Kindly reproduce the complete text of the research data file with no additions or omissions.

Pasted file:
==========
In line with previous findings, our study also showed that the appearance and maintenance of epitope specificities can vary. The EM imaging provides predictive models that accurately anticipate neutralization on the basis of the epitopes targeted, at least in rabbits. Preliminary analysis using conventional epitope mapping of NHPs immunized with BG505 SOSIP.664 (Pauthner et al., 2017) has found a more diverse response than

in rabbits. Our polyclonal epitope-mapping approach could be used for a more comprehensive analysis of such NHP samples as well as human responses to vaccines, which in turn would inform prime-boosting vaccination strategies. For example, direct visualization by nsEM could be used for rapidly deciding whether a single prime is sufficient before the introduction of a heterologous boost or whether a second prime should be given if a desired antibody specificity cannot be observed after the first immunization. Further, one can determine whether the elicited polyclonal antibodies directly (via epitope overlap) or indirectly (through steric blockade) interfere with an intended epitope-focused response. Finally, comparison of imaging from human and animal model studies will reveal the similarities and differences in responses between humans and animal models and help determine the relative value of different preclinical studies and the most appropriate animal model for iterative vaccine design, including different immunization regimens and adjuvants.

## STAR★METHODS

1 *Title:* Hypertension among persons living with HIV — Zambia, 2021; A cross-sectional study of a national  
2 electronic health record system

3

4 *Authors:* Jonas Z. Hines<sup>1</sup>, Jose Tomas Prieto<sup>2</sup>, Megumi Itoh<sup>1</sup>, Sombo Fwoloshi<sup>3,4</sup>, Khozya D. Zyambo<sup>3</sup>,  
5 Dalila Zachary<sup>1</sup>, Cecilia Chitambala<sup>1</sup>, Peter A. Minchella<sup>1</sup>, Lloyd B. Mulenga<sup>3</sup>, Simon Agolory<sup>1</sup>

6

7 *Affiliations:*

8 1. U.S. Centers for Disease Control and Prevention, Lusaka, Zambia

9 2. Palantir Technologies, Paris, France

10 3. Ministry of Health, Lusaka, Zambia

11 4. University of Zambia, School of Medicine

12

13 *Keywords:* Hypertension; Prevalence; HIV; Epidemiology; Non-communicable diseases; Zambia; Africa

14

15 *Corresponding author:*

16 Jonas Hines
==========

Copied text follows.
In line with previous findings, our study also showed that the appearance and maintenance of epitope specificities can vary. The EM imaging provides predictive models that accurately anticipate neutralization on the basis of the epitopes targeted, at least in rabbits. Preliminary analysis using conventional epitope mapping of NHPs immunized with BG505 SOSIP.664 (Pauthner et al., 2017) has found a more diverse response than

in rabbits. Our polyclonal epitope-mapping approach could be used for a more comprehensive analysis of such NHP samples as well as human responses to vaccines, which in turn would inform prime-boosting vaccination strategies. For example, direct visualization by nsEM could be used for rapidly deciding whether a single prime is sufficient before the introduction of a heterologous boost or whether a second prime should be given if a desired antibody specificity cannot be observed after the first immunization. Further, one can determine whether the elicited polyclonal antibodies directly (via epitope overlap) or indirectly (through steric blockade) interfere with an intended epitope-focused response. Finally, comparison of imaging from human and animal model studies will reveal the similarities and differences in responses between humans and animal models and help determine the relative value of different preclinical studies and the most appropriate animal model for iterative vaccine design, including different immunization regimens and adjuvants.

## STAR★METHODS

1 *Title:* Hypertension among persons living with HIV — Zambia, 2021; A cross-sectional study of a national  
2 electronic health record system

3

4 *Authors:* Jonas Z. Hines<sup>1</sup>, Jose Tomas Prieto<sup>2</sup>, Megumi Itoh<sup>1</sup>, Sombo Fwoloshi<sup>3,4</sup>, Khozya D. Zyambo<sup>3</sup>,  
5 Dalila Zachary<sup>1</sup>, Cecilia Chitambala<sup>1</sup>, Peter A. Minchella<sup>1</sup>, Lloyd B. Mulenga<sup>3</sup>, Simon Agolory<sup>1</sup>

6

7 *Affiliations:*

8 1. U.S. Centers for Disease Control and Prevention, Lusaka, Zambia

9 2. Palantir Technologies, Paris, France

10 3. Ministry of Health, Lusaka, Zambia

11 4. University of Zambia, School of Medicine

12

13 *Keywords:* Hypertension; Prevalence; HIV; Epidemiology; Non-communicable diseases; Zambia; Africa

14

15 *Corresponding author:*

16 Jonas Hines